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Part Two

New York, NY - All throughout my eight days spent in British Columbia recently I kept hearing, "Why are you here in mid-December and not mid-July?" The response was simple - I like to travel when hotels, restaurants and wineries are not busy, allowing me to partake of a greater share of their resources and service. Call it selfish and a desire for comfort, but it works.

Consequently, I arrived in Vancouver and spent two nights at the centrally located art-filled boutique Listel Hotel Vancouver along with its O?Doul?s restaurant (a Wine Spectator Award of Excellence winner). (Editor's Note - Do not rely on the USA rules about what you can carry aboard your plane. Canada has different regulations and I almost lost my 40-year-old beard trimmer, which cannot be carried in one's hand luggage in Canada. Maybe it is a trend but Air Canada has also become a flying restaurant where food is no longer included but, rather, sold ... even on their transcontinental routes.)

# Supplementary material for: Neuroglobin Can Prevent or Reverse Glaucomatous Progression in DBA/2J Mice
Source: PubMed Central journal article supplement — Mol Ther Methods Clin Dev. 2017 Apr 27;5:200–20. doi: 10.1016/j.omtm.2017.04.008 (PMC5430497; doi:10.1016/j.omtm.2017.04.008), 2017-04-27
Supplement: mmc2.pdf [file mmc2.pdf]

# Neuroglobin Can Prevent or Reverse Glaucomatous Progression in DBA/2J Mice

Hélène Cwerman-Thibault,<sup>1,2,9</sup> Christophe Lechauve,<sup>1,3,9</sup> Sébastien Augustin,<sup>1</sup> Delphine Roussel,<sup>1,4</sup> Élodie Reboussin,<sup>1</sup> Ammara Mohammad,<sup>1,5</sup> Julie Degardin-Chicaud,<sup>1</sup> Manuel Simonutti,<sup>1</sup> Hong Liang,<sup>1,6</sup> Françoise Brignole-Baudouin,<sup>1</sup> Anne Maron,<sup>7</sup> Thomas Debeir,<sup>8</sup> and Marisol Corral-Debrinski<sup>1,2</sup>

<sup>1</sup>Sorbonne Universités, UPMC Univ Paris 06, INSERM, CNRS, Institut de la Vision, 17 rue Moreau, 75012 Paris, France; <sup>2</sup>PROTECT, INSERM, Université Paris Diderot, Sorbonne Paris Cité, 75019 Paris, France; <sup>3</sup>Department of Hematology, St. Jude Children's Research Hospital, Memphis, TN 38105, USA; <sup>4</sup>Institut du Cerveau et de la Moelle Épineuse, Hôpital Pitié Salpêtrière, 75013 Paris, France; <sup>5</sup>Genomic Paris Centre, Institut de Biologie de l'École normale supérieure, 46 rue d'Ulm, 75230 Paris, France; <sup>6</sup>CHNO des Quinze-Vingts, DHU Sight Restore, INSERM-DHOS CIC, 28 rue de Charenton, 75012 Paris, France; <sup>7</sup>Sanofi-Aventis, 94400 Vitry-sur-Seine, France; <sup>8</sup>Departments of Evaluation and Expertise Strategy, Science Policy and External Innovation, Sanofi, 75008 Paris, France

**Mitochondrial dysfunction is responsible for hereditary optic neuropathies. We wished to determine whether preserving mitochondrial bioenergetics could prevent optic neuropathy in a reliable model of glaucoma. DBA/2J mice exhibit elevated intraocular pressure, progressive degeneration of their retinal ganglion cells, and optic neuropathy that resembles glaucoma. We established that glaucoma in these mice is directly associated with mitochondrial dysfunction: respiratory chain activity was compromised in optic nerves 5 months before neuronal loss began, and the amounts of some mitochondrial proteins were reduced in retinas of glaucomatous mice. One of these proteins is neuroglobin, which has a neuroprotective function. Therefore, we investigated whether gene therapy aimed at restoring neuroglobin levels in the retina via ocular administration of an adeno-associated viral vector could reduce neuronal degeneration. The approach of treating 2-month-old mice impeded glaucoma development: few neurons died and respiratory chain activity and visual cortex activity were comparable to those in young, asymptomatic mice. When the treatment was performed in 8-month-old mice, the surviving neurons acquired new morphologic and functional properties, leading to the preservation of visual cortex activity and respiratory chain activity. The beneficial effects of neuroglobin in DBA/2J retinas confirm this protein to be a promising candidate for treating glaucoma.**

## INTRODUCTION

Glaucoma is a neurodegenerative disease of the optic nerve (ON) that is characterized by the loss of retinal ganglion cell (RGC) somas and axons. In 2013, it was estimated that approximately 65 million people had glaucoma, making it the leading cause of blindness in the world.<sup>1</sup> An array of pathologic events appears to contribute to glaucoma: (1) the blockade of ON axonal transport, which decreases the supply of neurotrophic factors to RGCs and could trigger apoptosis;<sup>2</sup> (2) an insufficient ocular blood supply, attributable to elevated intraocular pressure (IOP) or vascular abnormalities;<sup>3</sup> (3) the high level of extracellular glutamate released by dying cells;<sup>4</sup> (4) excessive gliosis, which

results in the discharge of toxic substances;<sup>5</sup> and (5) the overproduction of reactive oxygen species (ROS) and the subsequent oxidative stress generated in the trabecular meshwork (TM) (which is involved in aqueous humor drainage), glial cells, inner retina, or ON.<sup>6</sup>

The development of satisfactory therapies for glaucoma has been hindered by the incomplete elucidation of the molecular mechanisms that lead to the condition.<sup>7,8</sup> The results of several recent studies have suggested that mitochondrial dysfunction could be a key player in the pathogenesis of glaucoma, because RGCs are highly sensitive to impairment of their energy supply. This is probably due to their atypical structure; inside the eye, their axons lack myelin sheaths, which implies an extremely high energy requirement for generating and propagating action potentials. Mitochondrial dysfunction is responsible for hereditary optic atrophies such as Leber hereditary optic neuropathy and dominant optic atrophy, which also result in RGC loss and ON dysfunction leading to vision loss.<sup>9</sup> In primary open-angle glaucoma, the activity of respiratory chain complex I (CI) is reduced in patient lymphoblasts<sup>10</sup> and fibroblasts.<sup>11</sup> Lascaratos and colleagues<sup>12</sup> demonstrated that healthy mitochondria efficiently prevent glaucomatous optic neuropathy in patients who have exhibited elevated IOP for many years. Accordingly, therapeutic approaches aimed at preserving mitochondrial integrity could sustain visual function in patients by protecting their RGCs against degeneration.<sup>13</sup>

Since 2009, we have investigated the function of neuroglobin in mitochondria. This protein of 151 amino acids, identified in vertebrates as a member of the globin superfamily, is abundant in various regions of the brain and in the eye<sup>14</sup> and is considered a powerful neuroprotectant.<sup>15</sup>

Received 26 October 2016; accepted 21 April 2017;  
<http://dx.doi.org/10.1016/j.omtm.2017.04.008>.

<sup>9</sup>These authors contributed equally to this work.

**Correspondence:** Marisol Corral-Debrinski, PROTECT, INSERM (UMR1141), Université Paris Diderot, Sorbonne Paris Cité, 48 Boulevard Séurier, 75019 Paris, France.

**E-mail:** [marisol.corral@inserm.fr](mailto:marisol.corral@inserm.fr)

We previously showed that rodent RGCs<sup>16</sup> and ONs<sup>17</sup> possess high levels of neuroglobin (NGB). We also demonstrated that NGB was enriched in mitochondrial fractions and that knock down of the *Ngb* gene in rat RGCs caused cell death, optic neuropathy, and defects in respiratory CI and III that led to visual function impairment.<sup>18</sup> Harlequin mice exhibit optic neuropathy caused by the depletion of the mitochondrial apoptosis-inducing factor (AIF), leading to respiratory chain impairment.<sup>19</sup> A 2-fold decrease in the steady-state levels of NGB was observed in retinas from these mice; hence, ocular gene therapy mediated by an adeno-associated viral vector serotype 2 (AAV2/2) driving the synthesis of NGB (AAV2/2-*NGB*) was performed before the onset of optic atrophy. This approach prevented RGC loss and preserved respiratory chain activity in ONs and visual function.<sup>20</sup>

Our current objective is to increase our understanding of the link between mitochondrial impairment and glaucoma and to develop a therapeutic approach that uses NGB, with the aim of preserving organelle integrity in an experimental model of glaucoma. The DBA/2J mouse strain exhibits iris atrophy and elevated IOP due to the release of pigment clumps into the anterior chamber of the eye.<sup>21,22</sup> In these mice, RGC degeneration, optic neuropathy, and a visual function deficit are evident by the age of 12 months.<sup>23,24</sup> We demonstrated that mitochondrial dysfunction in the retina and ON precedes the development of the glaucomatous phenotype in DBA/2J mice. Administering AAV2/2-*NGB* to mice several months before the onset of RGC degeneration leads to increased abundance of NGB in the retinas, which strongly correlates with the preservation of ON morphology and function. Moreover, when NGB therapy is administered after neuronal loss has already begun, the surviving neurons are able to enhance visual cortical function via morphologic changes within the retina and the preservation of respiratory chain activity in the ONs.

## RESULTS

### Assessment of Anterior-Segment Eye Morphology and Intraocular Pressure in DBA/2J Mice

Conde Nast Traveler 2004 voted Vancouver, with its two million inhabitants, the best city in the Americas. It has mild (rainy) climate, breathtaking scenery (skiing just a half-hour away) and great dining (think San Francisco with mountains.(you must try La Terrazza & Nu restaurants). Take the Trolley with its 23 stops to see all the sights, including Granville Island (public market, restaurants & galleries), Yaletown (shops, clubs, restaurants), Stanley Park (second largest urban park to NYC Central Park and its world renowned totem poles), Capilano Suspension Bridge (450 feet of cable suspended over 230 foot gorge and constantly swaying).